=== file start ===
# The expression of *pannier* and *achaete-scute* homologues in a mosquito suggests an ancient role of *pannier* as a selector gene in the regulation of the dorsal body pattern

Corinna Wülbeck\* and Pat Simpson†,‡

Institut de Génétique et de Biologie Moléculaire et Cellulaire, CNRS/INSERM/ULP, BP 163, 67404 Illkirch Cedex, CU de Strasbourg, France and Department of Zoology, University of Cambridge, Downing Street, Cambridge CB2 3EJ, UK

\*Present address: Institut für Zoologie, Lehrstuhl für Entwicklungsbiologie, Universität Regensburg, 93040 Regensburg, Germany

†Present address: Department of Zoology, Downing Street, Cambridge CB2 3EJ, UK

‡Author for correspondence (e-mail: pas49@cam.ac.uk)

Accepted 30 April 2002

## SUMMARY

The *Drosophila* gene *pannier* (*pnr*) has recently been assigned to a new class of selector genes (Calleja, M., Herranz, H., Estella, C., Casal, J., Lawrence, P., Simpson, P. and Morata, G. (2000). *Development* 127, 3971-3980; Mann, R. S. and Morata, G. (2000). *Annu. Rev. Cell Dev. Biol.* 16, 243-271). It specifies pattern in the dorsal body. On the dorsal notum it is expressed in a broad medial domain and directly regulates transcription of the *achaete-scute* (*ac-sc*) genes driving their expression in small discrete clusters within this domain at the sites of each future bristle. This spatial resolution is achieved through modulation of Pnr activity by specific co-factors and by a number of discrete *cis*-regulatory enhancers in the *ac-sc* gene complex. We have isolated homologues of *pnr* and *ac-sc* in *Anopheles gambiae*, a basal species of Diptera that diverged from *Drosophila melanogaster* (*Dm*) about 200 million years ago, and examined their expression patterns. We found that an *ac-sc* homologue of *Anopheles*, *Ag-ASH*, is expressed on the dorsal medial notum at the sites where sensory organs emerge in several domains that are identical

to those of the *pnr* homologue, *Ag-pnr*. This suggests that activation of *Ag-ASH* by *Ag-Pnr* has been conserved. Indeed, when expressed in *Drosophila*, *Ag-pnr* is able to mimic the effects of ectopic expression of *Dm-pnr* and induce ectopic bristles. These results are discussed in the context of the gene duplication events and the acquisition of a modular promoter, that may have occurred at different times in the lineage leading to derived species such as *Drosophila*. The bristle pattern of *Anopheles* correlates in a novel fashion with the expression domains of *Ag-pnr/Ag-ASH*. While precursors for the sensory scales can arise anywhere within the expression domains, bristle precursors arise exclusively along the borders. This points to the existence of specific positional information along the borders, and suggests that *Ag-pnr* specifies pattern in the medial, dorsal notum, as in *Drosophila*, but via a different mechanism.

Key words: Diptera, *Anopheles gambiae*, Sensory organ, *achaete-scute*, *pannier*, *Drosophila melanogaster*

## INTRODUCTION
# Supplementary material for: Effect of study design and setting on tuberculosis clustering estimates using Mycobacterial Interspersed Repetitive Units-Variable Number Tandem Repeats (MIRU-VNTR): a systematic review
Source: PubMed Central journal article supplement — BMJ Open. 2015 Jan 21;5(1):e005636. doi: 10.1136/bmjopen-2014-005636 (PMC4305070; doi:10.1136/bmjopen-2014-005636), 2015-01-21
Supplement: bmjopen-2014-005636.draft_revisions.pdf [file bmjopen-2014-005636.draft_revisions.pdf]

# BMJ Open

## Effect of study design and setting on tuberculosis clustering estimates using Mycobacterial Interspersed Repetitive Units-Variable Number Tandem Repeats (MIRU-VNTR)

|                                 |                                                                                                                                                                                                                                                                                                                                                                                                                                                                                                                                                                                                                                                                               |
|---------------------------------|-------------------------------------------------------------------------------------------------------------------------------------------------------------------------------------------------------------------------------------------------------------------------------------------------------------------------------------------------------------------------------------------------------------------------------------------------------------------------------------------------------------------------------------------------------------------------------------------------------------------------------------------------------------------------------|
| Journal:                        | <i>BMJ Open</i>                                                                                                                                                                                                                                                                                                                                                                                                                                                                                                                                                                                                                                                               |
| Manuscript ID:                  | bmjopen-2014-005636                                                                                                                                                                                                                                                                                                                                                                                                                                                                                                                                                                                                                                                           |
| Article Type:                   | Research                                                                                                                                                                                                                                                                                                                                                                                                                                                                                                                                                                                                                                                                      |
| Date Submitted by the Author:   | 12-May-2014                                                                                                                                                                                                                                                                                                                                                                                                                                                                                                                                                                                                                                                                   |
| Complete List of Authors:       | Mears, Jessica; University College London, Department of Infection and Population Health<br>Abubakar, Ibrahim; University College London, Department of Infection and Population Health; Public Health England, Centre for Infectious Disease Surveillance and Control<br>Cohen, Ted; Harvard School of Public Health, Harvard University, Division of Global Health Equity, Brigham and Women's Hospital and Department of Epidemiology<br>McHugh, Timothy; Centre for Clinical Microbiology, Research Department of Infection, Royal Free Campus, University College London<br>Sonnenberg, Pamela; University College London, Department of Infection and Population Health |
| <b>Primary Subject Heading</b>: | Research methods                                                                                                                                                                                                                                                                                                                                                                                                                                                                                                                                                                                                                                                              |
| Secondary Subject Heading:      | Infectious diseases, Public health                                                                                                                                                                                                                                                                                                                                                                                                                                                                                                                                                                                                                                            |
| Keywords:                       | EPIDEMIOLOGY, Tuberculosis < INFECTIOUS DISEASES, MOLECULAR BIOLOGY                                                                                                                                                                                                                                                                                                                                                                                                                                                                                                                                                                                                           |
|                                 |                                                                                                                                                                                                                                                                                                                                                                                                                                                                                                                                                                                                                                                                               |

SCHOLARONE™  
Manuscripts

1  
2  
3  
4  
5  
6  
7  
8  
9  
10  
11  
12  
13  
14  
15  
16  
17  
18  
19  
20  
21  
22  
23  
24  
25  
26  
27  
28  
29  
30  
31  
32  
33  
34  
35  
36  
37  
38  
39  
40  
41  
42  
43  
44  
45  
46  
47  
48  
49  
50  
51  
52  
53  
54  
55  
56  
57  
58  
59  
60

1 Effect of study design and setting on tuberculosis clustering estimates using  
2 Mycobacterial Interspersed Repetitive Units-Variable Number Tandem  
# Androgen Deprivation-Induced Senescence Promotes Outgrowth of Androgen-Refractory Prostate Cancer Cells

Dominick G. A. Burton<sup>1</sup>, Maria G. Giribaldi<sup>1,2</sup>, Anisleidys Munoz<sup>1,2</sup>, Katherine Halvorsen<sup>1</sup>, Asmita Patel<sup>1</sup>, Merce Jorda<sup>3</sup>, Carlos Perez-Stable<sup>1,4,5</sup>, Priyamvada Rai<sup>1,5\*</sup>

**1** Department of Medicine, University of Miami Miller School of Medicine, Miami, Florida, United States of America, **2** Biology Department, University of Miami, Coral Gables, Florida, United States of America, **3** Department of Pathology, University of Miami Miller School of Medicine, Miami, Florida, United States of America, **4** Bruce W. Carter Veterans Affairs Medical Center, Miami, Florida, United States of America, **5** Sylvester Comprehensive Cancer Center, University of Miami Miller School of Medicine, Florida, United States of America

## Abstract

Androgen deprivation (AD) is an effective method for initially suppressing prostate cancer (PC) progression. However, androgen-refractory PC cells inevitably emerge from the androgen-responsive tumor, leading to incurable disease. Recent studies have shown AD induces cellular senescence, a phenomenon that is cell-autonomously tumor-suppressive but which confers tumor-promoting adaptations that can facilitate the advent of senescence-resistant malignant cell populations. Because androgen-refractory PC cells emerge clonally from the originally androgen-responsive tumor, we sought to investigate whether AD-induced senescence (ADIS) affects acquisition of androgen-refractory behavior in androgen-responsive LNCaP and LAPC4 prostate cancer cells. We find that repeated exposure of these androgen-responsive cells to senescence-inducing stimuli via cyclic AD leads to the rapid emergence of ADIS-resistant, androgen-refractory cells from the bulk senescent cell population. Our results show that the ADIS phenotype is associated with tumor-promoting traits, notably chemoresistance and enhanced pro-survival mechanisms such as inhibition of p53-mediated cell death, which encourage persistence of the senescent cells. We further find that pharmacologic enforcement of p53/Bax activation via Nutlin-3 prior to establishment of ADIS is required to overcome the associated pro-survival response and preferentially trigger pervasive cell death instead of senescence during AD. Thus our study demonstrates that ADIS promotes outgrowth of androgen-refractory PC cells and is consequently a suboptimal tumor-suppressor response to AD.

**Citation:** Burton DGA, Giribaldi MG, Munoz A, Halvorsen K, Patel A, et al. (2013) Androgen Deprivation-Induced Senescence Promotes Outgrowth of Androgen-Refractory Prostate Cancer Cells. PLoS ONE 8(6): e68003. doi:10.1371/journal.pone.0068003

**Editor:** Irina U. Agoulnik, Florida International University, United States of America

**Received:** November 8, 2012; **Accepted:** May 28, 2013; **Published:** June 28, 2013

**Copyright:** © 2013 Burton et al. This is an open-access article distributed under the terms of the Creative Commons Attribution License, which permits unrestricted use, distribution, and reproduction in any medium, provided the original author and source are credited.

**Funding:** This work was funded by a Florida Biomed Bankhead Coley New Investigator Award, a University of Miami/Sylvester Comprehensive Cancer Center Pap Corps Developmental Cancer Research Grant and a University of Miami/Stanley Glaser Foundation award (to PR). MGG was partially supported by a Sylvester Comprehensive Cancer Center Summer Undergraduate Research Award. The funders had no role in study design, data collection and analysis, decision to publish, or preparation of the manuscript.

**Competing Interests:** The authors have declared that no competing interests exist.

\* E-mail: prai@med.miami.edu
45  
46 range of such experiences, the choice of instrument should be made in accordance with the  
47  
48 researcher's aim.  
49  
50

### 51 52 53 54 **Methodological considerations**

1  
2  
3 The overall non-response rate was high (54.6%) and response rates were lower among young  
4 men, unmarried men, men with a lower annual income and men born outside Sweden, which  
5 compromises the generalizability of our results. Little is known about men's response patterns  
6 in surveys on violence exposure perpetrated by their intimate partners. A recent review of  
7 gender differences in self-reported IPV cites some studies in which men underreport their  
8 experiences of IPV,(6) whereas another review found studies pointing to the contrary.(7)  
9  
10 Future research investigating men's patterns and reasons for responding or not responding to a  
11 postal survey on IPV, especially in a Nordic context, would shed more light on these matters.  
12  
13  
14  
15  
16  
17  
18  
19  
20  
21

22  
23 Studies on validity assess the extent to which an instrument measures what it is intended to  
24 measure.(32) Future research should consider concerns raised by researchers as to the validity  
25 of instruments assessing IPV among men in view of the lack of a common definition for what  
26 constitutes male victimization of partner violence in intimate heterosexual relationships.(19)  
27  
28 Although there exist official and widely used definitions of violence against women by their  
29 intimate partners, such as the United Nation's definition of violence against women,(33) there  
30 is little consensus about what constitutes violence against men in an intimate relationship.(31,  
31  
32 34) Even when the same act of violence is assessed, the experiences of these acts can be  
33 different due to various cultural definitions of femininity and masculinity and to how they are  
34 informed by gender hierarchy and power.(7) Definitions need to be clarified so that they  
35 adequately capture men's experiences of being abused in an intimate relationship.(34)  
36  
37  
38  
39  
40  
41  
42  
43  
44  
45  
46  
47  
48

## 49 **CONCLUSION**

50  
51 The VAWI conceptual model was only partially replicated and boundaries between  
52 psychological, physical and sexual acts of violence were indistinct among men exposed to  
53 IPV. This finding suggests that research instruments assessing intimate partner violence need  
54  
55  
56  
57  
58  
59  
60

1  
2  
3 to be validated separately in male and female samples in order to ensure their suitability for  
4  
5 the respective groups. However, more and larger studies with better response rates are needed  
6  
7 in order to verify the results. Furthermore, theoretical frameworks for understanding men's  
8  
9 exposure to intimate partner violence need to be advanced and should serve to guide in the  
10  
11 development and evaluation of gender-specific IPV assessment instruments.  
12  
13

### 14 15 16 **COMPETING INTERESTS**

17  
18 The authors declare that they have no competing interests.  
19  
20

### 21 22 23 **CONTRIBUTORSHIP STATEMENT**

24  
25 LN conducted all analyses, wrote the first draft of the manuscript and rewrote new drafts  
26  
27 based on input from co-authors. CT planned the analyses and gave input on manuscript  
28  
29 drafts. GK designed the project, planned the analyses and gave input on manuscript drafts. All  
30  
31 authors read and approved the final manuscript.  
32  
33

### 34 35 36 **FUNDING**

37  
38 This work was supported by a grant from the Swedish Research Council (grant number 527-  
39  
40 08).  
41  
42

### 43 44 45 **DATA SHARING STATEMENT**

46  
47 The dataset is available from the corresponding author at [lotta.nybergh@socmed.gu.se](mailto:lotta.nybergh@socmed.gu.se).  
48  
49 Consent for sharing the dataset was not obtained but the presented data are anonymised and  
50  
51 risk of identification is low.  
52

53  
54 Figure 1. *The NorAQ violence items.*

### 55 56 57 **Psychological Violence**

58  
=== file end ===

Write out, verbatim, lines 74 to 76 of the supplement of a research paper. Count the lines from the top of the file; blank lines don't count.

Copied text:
44  
45  
46  